The May issue of the Journal of Lipid Research contains a new thematic series, “Functional regulation of lipid homeostasis by microRNA,” coordinated by JLR editorial board member Kathryn Moore of the New York University Medical Center. Moore’s introductory editorial, titled “MicroRNAs: small regulators with a big impact on lipid metabolism,” and four reviews from experts in the field make up the series.
While they were first discovered only in the early 1990s, microRNAs have since been found in all standard laboratory eukaryotic systems, mammals, plants and fungi. MicroRNAs are important sections of genetic material that play a major role in gene expression. These short RNA sequences are able to bind to messenger RNA, the genetic messages that code for proteins, and affect the expression of the message, usually acting on it by silencing it.
Mireille Ouimet and Moore’s contribution to the series, “A big role for small RNAs in HDL homeostasis,” provides an overview of the biology of microRNAs, discusses how the first microRNA miR-122 was discovered and covers the evolutionarily conserved miR-33 that is found in two forms in humans. With the recent discovery that high-density lipoprotein itself assists in the transport of microRNAs, Ouimet and Moore contend that there likely are many more functions mediated by these related microRNAs.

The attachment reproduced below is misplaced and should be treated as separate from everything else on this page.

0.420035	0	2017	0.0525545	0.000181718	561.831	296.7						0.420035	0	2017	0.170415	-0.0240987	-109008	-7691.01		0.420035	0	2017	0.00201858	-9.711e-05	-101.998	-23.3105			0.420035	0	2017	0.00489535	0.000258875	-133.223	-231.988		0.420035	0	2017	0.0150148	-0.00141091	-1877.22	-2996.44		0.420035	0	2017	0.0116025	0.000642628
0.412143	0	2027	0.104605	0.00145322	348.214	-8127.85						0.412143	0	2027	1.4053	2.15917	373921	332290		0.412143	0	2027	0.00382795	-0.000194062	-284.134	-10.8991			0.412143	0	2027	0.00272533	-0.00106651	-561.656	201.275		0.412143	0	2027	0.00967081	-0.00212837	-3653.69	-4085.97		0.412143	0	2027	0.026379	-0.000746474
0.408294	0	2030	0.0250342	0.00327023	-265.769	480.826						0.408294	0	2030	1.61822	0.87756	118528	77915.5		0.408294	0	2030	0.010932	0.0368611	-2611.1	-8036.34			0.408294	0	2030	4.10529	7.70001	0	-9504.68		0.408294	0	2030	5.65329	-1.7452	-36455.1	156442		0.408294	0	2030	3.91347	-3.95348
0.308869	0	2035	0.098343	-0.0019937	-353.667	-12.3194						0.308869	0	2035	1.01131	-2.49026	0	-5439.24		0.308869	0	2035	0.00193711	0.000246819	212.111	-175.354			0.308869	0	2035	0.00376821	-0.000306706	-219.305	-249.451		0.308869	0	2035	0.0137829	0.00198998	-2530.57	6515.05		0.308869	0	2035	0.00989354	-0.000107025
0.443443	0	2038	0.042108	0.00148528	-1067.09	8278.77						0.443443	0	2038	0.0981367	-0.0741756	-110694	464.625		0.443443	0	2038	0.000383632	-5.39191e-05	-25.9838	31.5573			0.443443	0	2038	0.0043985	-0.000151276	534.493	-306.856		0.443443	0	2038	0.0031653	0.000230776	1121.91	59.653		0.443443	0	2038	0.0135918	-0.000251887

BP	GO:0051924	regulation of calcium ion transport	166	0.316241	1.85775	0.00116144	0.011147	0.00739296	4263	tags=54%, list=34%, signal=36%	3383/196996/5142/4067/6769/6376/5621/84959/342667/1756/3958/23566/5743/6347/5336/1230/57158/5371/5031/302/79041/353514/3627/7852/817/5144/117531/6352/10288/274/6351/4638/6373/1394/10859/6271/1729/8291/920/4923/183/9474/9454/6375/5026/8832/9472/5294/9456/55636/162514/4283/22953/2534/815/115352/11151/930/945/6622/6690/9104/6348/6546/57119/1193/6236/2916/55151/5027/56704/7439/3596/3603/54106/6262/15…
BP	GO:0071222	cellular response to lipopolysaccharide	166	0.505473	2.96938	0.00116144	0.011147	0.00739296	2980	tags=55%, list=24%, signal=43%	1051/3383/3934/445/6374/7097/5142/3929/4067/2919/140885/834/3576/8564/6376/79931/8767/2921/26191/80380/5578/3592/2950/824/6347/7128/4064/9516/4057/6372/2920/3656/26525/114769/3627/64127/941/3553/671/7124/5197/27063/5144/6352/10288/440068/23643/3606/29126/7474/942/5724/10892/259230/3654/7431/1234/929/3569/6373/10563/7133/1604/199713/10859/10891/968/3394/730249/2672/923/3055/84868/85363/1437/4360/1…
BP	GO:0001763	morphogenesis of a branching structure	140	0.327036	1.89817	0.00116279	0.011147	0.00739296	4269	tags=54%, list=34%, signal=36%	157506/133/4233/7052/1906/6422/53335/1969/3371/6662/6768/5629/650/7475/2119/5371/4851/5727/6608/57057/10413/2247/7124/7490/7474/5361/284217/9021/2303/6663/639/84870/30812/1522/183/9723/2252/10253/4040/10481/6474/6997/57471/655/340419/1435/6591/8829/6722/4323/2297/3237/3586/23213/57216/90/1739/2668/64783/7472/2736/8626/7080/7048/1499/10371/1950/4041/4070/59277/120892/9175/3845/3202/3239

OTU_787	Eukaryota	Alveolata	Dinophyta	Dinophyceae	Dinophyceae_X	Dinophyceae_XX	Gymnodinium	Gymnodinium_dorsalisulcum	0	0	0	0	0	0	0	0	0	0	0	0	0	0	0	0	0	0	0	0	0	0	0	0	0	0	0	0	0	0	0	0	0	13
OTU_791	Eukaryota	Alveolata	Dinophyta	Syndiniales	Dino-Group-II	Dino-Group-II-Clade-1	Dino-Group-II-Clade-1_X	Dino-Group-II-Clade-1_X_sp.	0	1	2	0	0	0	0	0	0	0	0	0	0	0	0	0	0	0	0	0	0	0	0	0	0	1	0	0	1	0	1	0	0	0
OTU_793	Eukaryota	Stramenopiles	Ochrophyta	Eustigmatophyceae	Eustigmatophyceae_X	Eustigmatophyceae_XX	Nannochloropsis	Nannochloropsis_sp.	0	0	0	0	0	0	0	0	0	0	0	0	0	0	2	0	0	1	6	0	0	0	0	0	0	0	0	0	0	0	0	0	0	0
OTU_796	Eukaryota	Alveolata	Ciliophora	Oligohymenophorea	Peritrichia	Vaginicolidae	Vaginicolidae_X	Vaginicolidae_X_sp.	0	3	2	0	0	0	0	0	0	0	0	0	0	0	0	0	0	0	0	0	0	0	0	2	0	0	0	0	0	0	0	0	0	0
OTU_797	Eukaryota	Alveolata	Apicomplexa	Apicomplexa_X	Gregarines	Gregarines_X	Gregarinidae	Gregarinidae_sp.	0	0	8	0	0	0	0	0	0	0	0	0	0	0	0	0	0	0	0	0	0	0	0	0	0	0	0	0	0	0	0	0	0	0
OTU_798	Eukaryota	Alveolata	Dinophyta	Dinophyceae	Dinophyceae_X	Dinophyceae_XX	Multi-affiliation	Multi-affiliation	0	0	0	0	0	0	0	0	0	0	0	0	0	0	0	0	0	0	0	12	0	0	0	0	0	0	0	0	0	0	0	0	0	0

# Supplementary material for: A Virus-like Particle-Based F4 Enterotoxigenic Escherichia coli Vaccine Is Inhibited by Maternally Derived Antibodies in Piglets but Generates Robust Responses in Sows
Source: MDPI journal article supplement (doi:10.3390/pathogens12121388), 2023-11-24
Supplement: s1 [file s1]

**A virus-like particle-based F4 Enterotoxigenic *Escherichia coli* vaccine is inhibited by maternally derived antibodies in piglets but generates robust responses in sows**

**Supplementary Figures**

In his review, “Needles in the genetic haystack of lipid disorders: single nucleotide polymorphisms in the miRNA regulome,” Praveen Sethupathy of the University of North Carolina at Chapel Hill takes a closer look at microRNA-related genetic variation and how growing evidence suggests it may be the key to the development of lipid disorders.
In “Extracellular communication via microRNA: lipid particles have a new message,” Katey Rayner and Elizabeth Hennessy of the University of Ottawa Heart Institute and the New York University School of Medicine, respectively, explore the potential for microRNAs to act not just as mediators for cell-to-cell communication but also as possible detectable biomarkers for certain lipid-related diseases.
In the final review, Kasey Vickers of the Vanderbilt University School of Medicine and colleagues discuss how one particular gene location might have the potential to give rise to multiple, different microRNA isoforms, how these isoforms may affect lipid metabolism in the body and how this unexpected discovery in microRNA diversity has complicated the way researchers view microRNAs.
Mary L. Chang (firstname.lastname@example.org) is publications manager for the Journal of Lipid Research and Molecular & Cellular Proteomics.